Hirobe C, et al. Cytotoxic flavonoids from Vitex-agnus-castus. Phytochemistry, 46:521-24, 1997.

Lindberg JS, Zobitz MM, Poindexter JR, Pak CY. Magnesium bioavailability from magnesium citrate and magnesium oxide. J Am Coll Nutr. 1990 Feb;9(1):48-55.

Milewicz A, et al. Vitex agnus-castus extract in the treatment of luteal phase defects due to latent hyperprolactinemia. Results of a randomize placebo-controlled
double-blind study. Arzneimittelforschung 43:752-56, 1993.

O’Connor KA, Ferrell R, Brindle E, et al. Progesterone and ovulation across stages of the transition to menopause. Menopause (New York, NY). 2009;16(6):1178-1187. doi:10.1097/gme.0b013e3181aa192d.

Ruiz AD, Daniels KR, Barner JC, Carson JJ, Frei CR. Effectiveness of Compounded Bioidentical Hormone Replacement Therapy: An Observational Cohort Study. BMC Women’s Health. 2011;11:27. doi:10.1186/1472-6874-11-27.

Sliutz G, et al. Agnus-castus extracts inhibit prolactin secretion of rat pituitary cells. Horm Metab Res, 25:253-55, 1993.

https://onlinelibrary.wiley.com/doi/abs/10.1111/j.1365-2133.2005.06685.x

https://www.ncbi.nlm.nih.gov/pubmed/12080007

https://www.tandfonline.com/doi/abs/10.1080/09513590500128583

http://www.springerlink.com/index/n3xp3xt315458323.pdf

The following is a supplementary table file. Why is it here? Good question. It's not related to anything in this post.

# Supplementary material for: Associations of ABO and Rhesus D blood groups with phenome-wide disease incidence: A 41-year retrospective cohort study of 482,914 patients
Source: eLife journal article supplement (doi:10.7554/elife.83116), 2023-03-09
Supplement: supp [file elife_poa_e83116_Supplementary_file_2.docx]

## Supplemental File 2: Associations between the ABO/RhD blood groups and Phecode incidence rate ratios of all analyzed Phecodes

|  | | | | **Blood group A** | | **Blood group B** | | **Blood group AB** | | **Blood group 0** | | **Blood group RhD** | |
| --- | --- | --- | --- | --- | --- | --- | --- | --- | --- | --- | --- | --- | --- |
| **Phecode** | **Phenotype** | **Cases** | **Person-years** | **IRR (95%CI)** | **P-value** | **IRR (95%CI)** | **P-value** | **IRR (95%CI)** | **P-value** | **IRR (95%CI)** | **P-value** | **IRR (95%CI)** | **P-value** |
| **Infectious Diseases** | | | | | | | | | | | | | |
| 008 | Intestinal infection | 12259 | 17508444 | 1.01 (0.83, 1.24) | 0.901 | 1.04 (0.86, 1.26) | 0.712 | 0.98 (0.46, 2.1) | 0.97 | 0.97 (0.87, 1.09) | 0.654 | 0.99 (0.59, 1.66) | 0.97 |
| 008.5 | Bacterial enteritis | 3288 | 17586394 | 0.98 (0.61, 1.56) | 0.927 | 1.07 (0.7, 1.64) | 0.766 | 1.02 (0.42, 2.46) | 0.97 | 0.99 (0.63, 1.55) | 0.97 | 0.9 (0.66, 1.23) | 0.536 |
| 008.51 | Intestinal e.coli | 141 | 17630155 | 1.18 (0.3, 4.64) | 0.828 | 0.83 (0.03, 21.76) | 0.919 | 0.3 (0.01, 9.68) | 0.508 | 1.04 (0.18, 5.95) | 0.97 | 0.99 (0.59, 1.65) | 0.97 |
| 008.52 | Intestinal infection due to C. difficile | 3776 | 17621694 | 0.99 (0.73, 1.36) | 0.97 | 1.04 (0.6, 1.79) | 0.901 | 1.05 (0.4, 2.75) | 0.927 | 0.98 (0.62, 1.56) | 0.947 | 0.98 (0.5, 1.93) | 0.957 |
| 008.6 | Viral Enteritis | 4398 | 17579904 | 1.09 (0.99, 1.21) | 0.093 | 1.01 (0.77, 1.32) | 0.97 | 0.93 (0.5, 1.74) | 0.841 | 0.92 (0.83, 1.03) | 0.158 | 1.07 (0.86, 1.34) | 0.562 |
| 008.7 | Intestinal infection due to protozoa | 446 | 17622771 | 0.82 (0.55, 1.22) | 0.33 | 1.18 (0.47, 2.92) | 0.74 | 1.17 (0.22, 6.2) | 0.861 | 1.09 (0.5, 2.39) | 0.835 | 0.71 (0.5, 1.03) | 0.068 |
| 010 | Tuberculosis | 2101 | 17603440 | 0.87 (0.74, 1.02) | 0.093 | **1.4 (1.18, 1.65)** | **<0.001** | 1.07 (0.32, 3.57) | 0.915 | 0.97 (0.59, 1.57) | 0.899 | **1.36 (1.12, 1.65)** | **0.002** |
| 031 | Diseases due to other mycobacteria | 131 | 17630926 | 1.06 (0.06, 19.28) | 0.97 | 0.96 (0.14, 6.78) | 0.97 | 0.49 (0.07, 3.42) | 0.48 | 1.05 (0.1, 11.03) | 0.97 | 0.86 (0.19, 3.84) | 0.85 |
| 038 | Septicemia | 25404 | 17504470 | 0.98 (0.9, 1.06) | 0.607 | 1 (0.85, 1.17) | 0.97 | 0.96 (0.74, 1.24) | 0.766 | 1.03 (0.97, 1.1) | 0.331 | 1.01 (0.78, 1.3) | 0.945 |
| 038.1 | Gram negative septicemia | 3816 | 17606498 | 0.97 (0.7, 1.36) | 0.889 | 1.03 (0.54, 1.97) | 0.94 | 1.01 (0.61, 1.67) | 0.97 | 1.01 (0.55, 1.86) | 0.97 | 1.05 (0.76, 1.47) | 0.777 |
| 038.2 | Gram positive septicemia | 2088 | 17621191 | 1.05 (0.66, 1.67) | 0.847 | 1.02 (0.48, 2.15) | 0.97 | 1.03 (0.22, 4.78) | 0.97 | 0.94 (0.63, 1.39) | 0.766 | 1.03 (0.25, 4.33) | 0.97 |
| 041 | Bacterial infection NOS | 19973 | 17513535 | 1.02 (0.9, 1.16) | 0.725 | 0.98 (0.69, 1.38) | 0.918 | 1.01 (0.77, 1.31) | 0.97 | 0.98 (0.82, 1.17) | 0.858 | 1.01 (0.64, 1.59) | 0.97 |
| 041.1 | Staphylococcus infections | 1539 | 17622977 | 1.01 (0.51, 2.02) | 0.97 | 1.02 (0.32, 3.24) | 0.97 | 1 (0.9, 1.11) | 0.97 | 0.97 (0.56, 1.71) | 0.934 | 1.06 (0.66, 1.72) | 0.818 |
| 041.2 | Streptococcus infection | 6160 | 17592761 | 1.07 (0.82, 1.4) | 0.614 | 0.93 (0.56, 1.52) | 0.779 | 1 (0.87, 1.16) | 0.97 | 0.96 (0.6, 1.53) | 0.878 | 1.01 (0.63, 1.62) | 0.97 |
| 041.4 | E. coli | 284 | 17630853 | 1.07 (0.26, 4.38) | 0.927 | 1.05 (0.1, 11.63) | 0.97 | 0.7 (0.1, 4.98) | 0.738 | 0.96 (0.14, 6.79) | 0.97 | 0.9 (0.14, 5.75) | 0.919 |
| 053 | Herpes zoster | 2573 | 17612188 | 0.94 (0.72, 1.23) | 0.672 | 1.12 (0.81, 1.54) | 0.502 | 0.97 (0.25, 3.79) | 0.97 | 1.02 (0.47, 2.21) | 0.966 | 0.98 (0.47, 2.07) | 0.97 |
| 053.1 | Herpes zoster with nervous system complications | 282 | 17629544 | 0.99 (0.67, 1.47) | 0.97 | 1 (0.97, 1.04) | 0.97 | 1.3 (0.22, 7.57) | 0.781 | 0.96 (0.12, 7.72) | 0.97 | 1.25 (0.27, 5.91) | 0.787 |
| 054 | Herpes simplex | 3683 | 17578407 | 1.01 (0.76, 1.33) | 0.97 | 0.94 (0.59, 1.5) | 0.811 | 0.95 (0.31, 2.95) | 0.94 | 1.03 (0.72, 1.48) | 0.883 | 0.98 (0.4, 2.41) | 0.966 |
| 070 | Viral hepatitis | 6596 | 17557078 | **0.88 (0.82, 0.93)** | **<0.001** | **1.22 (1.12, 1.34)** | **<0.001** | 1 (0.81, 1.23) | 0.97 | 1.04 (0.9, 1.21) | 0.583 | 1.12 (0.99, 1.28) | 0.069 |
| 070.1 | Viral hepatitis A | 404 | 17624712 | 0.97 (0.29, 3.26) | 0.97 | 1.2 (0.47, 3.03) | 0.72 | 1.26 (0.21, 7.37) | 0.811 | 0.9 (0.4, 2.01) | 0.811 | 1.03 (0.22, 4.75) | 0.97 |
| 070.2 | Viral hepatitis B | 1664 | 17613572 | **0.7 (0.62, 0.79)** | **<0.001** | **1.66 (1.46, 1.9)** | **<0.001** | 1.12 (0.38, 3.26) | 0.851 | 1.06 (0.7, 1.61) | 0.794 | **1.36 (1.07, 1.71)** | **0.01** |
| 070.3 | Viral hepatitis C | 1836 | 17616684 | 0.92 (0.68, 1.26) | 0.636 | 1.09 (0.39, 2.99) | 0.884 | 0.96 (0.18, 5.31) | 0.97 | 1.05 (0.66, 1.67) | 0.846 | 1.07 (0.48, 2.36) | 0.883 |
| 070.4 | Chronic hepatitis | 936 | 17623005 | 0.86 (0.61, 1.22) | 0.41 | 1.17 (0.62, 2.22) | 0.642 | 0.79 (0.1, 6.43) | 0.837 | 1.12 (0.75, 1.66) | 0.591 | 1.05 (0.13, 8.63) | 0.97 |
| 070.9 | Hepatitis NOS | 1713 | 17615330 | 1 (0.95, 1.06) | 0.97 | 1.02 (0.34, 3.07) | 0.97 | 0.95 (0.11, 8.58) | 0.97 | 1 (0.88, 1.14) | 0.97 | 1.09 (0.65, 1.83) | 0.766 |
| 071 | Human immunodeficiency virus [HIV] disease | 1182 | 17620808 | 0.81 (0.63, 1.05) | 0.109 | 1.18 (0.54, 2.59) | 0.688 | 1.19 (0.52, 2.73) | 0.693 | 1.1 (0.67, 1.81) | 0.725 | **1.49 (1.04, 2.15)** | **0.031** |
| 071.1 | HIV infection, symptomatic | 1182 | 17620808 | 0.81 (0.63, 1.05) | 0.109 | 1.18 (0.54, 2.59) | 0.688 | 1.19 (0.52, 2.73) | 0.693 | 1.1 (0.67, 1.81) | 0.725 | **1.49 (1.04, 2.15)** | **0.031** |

http://www.ncbi.nlm.nih.gov/pubmed/6684167′

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About The Author

Dr. Jolene Brighten

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Dr. Jolene Brighten, NMD, is one of the leading experts in women’s medicine and is a pioneer in her exploration of the far-reaching impact of hormonal birth control and the little known side effects that impact health in a large way. In her best selling book, Beyond the Pill, she shares her clinical protocols aimed at supporting women struggling with symptoms of hormone imbalance, including Post-Birth Control Pill Syndrome and birth control related side effects. A trained nutritional biochemist and Naturopathic Physician, Dr. Brighten is the founder and Clinic Director at Rubus Health, an integrative women’s medicine clinic. She is a member of the MindBodyGreen Collective and has been featured in prominent media outlets such as Forbes, Cosmopolitan, ABC news, and the New York Post. Read more about me here.